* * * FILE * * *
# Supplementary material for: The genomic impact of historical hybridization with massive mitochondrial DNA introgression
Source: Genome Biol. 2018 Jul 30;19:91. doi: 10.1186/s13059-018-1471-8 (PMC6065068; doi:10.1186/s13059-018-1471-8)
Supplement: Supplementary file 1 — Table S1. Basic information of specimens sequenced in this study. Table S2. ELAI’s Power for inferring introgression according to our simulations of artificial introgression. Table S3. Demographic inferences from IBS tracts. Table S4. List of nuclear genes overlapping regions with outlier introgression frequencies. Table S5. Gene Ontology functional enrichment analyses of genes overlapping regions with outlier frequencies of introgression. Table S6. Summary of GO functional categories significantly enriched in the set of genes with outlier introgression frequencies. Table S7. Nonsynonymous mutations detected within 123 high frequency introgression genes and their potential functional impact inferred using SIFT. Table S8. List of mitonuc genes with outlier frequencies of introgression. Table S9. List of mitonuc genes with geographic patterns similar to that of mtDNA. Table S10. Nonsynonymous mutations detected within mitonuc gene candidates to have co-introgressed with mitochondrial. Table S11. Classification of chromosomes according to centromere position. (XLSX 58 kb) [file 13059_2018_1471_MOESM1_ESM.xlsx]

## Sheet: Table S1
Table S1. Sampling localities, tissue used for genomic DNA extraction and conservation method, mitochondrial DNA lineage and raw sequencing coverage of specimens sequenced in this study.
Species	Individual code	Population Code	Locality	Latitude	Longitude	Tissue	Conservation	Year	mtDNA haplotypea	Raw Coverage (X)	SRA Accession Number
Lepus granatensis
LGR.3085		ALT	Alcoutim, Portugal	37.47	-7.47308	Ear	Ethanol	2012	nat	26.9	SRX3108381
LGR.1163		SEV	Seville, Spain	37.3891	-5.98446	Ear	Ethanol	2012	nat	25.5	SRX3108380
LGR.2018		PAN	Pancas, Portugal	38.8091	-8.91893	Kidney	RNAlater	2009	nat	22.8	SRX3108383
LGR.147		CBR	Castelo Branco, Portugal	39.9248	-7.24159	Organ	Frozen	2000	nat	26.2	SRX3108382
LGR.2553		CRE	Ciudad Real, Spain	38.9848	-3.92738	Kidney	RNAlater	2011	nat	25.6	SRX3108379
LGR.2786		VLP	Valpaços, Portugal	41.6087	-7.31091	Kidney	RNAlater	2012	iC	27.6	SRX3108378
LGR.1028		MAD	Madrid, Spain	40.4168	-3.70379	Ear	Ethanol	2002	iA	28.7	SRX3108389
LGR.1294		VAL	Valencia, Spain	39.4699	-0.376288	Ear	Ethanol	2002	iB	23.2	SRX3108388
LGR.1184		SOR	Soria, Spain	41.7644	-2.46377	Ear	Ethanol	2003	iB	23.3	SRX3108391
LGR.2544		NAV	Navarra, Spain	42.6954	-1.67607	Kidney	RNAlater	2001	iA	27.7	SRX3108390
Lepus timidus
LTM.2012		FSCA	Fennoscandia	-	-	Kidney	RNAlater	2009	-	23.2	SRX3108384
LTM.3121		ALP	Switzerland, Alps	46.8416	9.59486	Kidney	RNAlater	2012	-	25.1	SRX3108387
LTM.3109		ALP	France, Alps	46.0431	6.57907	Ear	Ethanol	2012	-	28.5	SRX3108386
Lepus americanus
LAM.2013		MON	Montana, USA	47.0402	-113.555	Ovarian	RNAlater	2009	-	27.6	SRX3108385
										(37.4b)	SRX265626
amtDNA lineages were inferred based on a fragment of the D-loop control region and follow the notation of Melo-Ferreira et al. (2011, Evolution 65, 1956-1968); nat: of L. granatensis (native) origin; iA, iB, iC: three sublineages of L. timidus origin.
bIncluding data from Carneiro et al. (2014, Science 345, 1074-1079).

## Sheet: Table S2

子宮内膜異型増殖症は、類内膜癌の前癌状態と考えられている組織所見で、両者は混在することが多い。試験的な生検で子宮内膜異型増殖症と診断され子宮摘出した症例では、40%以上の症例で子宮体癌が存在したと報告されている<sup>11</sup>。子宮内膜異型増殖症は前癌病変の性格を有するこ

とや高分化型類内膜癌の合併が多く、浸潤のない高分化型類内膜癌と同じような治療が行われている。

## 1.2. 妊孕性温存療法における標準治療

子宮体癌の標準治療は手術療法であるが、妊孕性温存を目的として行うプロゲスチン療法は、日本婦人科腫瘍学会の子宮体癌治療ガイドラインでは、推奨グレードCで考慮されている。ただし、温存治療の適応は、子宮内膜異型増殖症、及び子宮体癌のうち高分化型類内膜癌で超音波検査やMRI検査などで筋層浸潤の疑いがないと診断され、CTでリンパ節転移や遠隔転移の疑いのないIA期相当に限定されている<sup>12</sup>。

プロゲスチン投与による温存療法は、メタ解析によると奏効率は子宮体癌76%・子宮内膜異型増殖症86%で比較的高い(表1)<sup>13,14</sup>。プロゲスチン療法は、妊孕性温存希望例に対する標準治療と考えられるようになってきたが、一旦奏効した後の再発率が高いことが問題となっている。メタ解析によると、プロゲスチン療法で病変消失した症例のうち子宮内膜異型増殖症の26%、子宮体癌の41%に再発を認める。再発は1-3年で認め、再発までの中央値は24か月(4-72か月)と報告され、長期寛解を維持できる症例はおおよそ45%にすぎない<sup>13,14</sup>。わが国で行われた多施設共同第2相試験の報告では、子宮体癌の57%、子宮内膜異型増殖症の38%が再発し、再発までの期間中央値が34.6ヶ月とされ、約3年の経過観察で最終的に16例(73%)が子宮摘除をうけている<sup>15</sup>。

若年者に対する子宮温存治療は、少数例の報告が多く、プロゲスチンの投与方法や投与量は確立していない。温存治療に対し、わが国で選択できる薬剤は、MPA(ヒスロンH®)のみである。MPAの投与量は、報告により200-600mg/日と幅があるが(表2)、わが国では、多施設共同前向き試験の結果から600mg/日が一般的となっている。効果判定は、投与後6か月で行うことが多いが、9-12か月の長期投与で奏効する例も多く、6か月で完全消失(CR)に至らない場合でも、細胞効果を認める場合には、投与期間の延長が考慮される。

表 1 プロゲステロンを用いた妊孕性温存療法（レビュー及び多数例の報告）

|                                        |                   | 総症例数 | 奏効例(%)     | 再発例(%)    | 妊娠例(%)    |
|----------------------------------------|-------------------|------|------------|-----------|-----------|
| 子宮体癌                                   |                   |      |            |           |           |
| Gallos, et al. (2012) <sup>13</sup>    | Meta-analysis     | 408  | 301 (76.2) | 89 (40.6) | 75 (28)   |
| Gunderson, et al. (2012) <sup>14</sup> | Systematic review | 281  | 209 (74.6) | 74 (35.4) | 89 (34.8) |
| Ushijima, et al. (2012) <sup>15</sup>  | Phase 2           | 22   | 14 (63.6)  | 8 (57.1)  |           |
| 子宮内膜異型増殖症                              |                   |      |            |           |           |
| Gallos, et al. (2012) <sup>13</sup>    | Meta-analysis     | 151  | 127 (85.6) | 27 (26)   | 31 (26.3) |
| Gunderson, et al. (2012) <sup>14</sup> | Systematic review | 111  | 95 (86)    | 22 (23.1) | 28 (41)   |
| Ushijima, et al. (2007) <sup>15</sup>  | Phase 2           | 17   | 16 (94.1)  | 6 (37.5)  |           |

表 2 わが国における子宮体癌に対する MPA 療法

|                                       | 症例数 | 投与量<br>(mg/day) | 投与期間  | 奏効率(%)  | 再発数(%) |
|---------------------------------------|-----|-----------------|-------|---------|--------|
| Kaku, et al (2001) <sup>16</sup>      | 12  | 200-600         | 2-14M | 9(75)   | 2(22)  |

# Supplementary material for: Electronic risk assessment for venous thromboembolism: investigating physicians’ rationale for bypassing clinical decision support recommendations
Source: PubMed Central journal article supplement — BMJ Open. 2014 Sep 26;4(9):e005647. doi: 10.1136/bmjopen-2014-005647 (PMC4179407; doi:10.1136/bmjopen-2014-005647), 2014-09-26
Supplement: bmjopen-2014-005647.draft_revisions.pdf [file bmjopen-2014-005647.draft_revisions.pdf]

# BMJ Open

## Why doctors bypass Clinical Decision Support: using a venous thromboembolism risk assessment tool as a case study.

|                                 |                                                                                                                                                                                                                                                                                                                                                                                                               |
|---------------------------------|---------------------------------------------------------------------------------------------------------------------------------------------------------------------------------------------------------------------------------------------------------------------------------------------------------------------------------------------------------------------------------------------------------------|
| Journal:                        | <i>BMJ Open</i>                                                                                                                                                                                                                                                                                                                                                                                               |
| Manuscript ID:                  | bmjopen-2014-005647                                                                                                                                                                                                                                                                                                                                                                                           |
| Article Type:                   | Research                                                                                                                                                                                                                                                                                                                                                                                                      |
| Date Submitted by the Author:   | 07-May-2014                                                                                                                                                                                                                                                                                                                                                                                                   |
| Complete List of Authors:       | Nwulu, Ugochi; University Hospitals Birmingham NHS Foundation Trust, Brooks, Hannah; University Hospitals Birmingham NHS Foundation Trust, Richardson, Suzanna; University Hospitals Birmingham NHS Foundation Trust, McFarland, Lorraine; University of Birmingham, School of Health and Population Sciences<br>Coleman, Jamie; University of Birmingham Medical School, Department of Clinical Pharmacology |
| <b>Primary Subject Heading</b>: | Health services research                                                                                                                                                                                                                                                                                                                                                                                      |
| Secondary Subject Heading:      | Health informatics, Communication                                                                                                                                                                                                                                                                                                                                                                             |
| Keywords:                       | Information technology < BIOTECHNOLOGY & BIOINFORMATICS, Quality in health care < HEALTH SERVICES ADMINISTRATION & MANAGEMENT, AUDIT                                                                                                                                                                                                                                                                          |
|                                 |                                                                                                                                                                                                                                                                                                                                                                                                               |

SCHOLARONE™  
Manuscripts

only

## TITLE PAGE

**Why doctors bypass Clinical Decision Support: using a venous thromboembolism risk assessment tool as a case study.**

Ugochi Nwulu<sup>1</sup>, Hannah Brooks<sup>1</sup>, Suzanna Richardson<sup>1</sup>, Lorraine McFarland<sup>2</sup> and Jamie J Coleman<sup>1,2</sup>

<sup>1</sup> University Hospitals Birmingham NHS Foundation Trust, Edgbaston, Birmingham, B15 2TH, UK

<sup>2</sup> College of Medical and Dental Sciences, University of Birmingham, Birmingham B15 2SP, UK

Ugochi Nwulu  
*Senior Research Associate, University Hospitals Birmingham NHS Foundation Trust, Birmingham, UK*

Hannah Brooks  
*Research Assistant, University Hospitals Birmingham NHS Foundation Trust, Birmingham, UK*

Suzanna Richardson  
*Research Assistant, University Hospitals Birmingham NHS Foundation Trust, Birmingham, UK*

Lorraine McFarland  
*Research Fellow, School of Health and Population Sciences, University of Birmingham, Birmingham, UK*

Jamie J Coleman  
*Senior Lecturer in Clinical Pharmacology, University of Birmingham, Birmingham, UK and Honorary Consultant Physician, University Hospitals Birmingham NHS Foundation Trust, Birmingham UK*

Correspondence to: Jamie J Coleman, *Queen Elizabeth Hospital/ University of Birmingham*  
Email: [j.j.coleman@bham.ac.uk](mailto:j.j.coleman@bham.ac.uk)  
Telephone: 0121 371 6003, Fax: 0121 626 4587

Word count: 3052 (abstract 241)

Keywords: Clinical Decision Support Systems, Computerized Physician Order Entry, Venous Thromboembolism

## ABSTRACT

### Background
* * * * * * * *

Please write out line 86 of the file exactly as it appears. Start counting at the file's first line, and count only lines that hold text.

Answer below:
Word count: 3052 (abstract 241)